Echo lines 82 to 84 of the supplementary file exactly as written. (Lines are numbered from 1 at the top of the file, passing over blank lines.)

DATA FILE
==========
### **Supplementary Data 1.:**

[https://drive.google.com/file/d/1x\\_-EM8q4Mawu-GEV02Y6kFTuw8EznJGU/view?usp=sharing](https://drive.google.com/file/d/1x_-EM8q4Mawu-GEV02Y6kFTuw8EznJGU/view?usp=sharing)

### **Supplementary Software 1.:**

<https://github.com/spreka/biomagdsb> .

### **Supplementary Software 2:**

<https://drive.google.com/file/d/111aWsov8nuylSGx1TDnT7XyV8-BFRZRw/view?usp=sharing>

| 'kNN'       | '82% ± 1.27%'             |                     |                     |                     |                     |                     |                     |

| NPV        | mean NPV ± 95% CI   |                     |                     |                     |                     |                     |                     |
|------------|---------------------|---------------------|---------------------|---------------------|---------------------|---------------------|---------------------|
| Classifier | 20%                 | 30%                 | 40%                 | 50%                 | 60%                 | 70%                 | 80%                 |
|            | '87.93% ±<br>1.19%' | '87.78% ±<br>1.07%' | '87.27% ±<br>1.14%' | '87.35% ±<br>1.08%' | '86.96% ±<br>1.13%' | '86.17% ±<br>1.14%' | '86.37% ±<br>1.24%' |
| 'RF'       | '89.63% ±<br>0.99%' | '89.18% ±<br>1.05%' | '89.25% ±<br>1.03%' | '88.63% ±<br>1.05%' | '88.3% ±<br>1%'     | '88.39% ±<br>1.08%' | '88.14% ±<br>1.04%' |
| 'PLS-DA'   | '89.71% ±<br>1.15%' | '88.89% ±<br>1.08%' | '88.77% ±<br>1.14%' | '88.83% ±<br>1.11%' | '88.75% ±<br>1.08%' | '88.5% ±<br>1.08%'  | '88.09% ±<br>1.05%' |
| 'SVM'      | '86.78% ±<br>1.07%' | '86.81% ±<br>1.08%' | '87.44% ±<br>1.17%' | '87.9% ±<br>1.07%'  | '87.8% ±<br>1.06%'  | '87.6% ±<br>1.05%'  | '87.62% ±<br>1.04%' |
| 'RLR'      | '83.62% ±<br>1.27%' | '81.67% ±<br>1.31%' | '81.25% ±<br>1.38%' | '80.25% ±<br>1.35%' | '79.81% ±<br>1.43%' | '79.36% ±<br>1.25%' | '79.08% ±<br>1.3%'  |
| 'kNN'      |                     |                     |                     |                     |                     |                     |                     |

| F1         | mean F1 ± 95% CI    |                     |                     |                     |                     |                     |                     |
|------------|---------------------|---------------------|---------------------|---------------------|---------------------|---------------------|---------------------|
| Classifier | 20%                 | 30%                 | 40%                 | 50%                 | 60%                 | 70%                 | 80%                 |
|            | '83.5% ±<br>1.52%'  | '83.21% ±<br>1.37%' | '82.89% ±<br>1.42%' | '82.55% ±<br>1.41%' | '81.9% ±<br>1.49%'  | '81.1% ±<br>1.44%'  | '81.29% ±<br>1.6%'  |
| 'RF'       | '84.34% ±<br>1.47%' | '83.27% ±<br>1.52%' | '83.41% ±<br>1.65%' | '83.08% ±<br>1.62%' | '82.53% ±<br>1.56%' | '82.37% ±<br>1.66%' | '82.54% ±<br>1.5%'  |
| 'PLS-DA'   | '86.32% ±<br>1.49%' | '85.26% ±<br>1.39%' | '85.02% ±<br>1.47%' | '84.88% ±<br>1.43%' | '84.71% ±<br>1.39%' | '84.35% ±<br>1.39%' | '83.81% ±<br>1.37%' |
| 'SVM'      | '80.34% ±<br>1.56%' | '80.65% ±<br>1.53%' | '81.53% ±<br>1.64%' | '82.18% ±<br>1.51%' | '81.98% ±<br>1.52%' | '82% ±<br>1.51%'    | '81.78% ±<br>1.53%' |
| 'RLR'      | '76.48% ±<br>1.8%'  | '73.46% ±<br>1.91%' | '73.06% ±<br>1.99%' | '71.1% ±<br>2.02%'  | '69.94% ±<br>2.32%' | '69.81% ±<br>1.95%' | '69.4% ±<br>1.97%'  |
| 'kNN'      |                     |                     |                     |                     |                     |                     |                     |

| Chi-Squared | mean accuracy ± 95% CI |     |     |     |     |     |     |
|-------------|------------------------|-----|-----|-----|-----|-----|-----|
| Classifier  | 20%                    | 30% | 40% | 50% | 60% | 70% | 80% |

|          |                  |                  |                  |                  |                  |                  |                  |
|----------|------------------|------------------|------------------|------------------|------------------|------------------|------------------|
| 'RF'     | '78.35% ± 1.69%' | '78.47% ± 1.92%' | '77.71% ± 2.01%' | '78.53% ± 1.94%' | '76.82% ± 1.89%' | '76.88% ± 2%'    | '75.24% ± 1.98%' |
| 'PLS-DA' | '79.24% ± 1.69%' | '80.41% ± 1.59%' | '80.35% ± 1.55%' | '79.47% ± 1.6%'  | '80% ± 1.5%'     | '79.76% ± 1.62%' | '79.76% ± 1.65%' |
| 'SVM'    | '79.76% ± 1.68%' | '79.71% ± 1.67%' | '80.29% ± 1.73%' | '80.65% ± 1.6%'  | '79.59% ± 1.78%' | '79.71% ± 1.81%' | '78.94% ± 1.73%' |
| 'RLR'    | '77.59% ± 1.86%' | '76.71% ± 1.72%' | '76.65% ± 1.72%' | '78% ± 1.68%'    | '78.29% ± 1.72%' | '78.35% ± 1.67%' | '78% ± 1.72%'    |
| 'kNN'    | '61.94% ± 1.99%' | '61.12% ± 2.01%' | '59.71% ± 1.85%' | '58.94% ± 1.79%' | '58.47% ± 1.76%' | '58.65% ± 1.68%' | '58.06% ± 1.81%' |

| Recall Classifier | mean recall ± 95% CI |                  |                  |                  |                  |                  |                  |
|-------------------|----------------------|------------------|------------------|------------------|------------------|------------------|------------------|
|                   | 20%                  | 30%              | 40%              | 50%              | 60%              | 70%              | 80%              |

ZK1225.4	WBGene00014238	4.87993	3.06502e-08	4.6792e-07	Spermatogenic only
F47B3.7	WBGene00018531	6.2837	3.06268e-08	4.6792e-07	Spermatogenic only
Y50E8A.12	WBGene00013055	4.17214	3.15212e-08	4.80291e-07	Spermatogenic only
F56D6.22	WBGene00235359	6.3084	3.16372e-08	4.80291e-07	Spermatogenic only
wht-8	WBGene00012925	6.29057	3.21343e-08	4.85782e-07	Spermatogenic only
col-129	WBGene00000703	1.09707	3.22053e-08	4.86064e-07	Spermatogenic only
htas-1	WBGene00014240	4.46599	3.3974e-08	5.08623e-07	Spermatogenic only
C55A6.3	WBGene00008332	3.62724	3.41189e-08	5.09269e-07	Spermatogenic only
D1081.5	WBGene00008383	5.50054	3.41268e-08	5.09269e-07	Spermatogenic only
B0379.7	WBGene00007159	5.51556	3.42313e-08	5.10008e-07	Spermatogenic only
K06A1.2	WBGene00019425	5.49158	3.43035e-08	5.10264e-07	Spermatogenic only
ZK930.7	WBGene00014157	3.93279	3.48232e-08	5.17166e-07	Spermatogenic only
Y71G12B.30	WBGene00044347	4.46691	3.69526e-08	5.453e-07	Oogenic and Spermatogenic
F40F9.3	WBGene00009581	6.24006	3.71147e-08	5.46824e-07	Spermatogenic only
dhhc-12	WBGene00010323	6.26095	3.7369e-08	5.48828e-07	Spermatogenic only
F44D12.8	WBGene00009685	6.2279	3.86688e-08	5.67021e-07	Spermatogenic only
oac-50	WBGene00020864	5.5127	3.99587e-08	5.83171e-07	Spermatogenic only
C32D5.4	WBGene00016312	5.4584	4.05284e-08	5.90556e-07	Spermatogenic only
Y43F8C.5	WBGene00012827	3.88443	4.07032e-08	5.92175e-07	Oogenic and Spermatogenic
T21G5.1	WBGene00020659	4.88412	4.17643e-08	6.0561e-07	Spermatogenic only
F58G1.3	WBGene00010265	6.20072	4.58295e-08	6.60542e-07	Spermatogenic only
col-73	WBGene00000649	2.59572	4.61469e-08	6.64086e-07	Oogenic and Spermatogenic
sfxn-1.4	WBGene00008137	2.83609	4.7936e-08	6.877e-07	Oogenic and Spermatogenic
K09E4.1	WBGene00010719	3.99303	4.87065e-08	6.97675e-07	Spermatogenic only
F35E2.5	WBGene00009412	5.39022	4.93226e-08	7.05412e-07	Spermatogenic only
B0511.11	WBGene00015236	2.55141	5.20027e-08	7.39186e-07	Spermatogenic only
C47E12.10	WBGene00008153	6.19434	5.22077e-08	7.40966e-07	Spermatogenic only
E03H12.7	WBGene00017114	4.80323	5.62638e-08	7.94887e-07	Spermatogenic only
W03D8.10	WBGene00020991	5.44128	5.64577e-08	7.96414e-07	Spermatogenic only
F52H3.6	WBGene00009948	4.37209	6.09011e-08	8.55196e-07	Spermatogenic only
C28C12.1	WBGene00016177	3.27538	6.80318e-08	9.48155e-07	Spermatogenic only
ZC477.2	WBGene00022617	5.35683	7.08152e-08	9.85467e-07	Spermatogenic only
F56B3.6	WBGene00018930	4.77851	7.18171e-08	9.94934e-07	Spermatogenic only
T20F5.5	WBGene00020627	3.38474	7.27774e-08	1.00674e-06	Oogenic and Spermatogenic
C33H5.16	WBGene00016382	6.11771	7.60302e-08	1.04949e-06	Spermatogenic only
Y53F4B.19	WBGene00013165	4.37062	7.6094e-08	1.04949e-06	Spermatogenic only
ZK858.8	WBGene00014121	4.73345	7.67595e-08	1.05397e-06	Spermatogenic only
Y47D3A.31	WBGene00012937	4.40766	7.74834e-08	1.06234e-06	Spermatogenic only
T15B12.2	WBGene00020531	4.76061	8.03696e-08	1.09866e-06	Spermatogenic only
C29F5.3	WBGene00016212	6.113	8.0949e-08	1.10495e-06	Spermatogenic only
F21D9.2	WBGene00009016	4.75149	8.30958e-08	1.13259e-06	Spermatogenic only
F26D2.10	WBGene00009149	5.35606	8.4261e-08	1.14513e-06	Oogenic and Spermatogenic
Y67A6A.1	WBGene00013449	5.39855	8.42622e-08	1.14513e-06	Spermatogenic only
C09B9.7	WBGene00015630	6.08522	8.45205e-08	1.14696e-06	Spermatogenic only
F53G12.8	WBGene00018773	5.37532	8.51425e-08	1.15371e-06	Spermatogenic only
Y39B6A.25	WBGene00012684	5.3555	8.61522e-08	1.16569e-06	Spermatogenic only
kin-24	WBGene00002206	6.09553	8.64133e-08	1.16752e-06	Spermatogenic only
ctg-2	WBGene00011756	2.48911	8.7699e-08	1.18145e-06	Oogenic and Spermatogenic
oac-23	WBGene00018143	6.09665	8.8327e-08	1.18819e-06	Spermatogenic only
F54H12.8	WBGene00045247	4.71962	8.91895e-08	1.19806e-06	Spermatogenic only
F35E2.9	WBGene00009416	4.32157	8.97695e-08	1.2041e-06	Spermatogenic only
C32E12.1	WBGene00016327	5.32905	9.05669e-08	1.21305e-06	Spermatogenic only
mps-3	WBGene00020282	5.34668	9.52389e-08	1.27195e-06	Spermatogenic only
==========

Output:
C09B9.7	WBGene00015630	6.08522	8.45205e-08	1.14696e-06	Spermatogenic only
F53G12.8	WBGene00018773	5.37532	8.51425e-08	1.15371e-06	Spermatogenic only
Y39B6A.25	WBGene00012684	5.3555	8.61522e-08	1.16569e-06	Spermatogenic only